this issue contains
>> Landscape Painting in the Deutsche Bank Collection
>> Second nature: Landscape and Photography
>> Ernesto Neto: Journeys into Inner Landscapes
>> Land Art: Breaking of the Art Space

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Second Nature, Non-Site, No Man’s Land: Landscape and Photography


Pleasantly shaped meadows, hills arranged with geometric precision, valleys, brooks, and rivers: landscape photography has aspired to painterly ideals ever since its earliest days. Long afflicted by sentimental kitsch and idyllic cliché, its history is nonetheless equally branded by war and colonization. Harald Fricke on the young photographers of the Becher School, who have revolutionized the landscape image and carried it beyond German borders.




Peter Fischli & David Weiss: Funghi 29, 1998
Deutsche Bank Collection


For a long time, landscape photography was burdened with the dishonorable reputation of kitsch. Artists saw nothing in it but the cheesy trade of better amateurs hunting down nature with expensive cameras and reproducing the typical calendar clichés of cherry blossoms in Japan, the sun setting over the sea, or Alpine panoramas. It was no accident that the Swiss artist duo Fischli & Weiss picked up on precisely this motif for the 1997 documenta and broadcast whole series of banal idyllic images in an endless loop on nighttime television. The work made reality seem as though it existed purely in the form of a sugary sweet fantasy made even prettier by an array of filters and lenses to the point that the actual locations had become completely unrecognizable. What was missing in the photographic landscape was the austerity and clarity with which Modernism had approached the world.


Peter Fischli & David Weiss: Untitled, 1991
Deutsche Bank Collection

Since then, landscape photography has succeeded in shaking off its bad reputation, chiefly thanks to the Dusseldorf School of Bernd and Hilla Becher. It was Thomas Struth, Axel Hütte, Elger Esser, and Andreas Gursky who revolutionized the photographic image of the landscape and carried it beyond German borders. As former Becher students, they all stem from a tradition of representing reality in the most objective way possible; at the same time, however, they’re repeatedly interested in testing the medium’s outermost limits.

In turn, nature seems to be a grateful subject in this respect, uniting the interplay of light, shadow, contours, and surfaces in outdoor exposures with the question that determines all of photography: the decisive moment to press the shutter.


Andreas Gursky: Seilbahn Dolomiten, 1987
Deutsche Bank Collection, © Courtesy: Monika Sprüth Galerie, Köln / VG Bild-Kunst, Bonn 2004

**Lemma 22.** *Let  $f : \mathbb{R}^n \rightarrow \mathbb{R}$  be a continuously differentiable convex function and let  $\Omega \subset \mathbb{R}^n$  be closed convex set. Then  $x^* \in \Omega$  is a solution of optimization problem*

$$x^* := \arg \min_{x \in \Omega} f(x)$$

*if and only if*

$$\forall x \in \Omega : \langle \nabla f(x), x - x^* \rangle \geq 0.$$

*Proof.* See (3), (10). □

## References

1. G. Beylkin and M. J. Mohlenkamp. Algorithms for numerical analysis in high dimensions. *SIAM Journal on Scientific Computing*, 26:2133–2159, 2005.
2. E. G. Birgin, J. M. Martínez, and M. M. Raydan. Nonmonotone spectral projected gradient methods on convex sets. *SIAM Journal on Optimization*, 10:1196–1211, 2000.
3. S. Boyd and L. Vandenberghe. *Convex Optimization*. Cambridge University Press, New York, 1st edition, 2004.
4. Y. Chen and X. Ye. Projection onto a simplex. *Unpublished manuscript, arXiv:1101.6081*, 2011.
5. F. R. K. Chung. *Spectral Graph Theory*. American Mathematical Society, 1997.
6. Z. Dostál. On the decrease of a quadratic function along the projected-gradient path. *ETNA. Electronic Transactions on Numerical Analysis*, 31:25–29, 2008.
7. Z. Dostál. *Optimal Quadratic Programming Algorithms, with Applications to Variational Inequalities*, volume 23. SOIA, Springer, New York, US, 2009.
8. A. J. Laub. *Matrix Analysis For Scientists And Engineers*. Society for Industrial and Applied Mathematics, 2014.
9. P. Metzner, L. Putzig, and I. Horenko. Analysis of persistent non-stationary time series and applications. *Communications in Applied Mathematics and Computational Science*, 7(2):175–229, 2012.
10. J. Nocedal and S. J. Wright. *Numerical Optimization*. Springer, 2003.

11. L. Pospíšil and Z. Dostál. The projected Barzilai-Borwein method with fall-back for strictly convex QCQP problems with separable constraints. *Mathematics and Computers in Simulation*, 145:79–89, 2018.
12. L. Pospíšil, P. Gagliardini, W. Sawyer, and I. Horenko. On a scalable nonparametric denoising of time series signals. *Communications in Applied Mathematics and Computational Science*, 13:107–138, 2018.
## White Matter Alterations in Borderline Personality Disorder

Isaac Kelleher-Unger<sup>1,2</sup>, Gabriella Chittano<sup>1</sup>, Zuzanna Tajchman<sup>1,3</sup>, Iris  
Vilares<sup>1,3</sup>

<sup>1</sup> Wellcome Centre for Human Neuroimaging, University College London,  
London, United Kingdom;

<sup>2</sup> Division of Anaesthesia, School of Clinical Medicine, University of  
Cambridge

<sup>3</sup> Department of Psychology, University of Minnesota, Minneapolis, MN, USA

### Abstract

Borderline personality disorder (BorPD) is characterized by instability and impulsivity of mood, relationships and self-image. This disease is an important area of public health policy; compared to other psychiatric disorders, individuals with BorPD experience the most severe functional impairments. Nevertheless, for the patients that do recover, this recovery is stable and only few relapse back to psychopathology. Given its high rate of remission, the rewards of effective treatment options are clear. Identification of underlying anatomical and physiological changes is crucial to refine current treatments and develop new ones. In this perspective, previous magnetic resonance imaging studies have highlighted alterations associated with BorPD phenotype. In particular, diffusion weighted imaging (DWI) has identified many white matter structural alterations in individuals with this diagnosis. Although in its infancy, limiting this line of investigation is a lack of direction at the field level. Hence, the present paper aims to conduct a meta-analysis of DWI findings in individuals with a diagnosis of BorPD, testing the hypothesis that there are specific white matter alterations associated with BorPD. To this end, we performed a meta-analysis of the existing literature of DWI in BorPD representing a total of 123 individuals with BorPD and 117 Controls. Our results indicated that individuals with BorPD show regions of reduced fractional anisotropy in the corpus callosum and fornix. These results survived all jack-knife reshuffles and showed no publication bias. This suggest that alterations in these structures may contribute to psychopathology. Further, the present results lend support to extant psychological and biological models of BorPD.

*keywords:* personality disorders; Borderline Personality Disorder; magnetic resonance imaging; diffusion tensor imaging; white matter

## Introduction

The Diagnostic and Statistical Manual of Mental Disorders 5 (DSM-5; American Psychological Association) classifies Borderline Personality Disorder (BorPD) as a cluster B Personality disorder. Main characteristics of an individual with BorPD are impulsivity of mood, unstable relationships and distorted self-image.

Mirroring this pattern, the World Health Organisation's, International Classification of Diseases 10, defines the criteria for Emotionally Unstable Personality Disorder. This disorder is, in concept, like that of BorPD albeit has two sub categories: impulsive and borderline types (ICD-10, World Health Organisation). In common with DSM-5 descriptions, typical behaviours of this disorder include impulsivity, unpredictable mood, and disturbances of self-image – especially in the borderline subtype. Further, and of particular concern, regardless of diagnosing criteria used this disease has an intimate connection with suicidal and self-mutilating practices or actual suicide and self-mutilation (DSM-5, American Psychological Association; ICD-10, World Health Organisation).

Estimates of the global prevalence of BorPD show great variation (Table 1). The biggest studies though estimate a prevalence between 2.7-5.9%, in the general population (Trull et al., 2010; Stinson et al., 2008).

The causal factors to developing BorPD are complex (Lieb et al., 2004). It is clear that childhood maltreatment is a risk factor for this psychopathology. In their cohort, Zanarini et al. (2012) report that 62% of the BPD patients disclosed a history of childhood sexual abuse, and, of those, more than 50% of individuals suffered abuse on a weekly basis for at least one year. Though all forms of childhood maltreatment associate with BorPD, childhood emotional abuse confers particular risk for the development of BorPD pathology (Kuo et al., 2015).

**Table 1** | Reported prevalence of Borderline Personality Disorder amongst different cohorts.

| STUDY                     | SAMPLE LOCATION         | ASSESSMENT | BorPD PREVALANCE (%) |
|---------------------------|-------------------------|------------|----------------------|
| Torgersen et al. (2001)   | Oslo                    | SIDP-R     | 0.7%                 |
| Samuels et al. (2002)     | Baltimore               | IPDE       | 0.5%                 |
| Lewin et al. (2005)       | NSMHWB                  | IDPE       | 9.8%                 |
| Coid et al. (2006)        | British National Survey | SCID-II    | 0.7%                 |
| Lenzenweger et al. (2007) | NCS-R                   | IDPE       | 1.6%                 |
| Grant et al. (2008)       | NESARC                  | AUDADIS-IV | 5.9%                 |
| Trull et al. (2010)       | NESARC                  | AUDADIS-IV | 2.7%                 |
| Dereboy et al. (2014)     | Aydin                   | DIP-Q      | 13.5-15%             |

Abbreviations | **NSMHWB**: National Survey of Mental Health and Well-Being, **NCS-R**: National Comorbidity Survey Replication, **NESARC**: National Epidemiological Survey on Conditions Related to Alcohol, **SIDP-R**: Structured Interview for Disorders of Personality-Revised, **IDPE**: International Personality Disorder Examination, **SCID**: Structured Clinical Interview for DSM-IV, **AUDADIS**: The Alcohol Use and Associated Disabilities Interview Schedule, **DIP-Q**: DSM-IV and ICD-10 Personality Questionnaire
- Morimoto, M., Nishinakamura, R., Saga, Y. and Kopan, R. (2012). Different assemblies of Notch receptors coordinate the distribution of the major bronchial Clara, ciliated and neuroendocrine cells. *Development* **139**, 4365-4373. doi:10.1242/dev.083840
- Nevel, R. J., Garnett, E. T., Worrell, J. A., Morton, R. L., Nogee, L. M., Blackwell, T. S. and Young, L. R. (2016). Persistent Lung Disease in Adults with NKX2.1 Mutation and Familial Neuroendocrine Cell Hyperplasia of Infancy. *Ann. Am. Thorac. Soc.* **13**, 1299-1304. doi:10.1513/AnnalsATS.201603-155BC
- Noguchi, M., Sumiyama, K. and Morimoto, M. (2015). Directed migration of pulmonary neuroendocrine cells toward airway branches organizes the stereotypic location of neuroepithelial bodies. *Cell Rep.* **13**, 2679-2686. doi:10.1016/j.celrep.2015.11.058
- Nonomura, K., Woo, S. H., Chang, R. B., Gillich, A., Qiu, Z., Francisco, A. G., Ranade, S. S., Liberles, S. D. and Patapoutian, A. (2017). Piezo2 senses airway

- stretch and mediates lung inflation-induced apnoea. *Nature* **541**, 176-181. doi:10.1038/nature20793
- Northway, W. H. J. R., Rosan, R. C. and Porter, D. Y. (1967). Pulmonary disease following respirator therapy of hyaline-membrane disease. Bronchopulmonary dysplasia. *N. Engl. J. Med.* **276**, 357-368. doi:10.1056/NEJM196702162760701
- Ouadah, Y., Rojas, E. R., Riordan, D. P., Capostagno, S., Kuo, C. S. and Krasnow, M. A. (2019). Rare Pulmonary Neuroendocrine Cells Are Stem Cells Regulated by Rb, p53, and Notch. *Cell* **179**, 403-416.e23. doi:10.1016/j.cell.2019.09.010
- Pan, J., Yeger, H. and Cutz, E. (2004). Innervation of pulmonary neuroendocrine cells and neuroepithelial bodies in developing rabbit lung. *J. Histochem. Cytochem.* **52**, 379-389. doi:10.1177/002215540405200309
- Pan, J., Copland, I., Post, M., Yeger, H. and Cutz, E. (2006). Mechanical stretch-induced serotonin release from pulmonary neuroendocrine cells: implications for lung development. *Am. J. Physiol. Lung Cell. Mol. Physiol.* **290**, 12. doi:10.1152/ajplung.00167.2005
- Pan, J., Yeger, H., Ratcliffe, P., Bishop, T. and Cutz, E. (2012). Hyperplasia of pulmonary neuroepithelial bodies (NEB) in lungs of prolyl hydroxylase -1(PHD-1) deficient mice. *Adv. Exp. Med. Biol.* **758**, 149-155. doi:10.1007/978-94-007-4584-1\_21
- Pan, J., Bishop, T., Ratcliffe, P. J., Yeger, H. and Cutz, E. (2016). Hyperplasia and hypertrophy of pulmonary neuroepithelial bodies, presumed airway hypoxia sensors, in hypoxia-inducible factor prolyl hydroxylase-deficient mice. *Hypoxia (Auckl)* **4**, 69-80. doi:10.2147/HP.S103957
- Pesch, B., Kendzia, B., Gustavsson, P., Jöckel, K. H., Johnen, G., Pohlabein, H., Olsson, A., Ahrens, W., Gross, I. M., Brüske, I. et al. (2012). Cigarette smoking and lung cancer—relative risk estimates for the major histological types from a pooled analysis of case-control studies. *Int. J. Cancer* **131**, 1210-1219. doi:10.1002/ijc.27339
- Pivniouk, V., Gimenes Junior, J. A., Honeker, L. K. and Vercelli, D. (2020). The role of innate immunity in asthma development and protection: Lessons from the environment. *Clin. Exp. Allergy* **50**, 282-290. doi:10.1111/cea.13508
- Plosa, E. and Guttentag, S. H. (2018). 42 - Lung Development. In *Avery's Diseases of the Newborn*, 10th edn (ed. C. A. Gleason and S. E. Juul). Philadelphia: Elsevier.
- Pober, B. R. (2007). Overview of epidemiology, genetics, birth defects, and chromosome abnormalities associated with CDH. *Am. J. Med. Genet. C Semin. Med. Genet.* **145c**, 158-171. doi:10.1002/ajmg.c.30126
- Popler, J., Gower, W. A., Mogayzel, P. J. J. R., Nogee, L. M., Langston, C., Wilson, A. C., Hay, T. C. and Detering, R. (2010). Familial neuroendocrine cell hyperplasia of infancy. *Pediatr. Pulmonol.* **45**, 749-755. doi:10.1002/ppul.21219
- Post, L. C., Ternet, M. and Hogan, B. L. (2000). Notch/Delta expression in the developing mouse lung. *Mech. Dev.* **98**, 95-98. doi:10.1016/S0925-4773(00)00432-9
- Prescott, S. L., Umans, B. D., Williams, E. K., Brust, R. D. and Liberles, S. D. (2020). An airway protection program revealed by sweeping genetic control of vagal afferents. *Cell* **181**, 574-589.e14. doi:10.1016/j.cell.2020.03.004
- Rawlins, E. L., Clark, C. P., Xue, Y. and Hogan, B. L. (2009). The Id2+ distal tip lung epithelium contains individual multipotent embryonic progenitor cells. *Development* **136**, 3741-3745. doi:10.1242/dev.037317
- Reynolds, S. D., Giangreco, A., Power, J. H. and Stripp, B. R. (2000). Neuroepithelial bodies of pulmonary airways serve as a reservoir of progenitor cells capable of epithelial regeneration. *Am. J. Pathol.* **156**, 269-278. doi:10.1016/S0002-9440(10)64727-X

Yet the landscape photographs from 150 years ago were completely staged. While painting continued to implement one-point perspective to cast a proper light on the beauty of English and French gardens, for instance, photography already began aspiring to this ideal shortly after its discovery. Although the first photographs of William Fox Talbot were a confusing mesh of foreground and background in which each object seemed somehow suspended, the photographers accompanying the first colonial expeditions soon saw nature through the camera as an orderly picture of pleasantly shaped meadows, hills arranged with geometric precision, valleys, brooks, and rivers. When Frances Frith photographed the Egyptian pyramids in 1858, the magnificent structures blended with the landscape surrounding them to form an image of a terrain still largely unpopulated following the downfall of the ancient cultures.


E.O. Beaman: Das Herz von Lodore, Green River,
Dinosaur National Monument, Colorado, 1871
Archive Denver

Indeed, photography shed an aesthetic light on nature ever since its inception: in the United States, E.O. Beaman and Timothy H. O’Sullivan began exploring canyons in 1865 because the extreme lighting situation set off the rock massifs and cliff formations to create particularly expressive images of wilderness. At the same time, landscape photography became a symbol of man’s rule over nature. In 1873, Eadweard Muybridge was commissioned by the government not only to photograph the last free Indian tribes in California; he was also asked to document the progressive conquering of the continent by the railroad companies – as a sign of civilization that was bringing technical progress even to the most remote areas. The conquering of the West depended heavily on photographic evidence to convince East-Coast investors that the settlement was progressing successfully.

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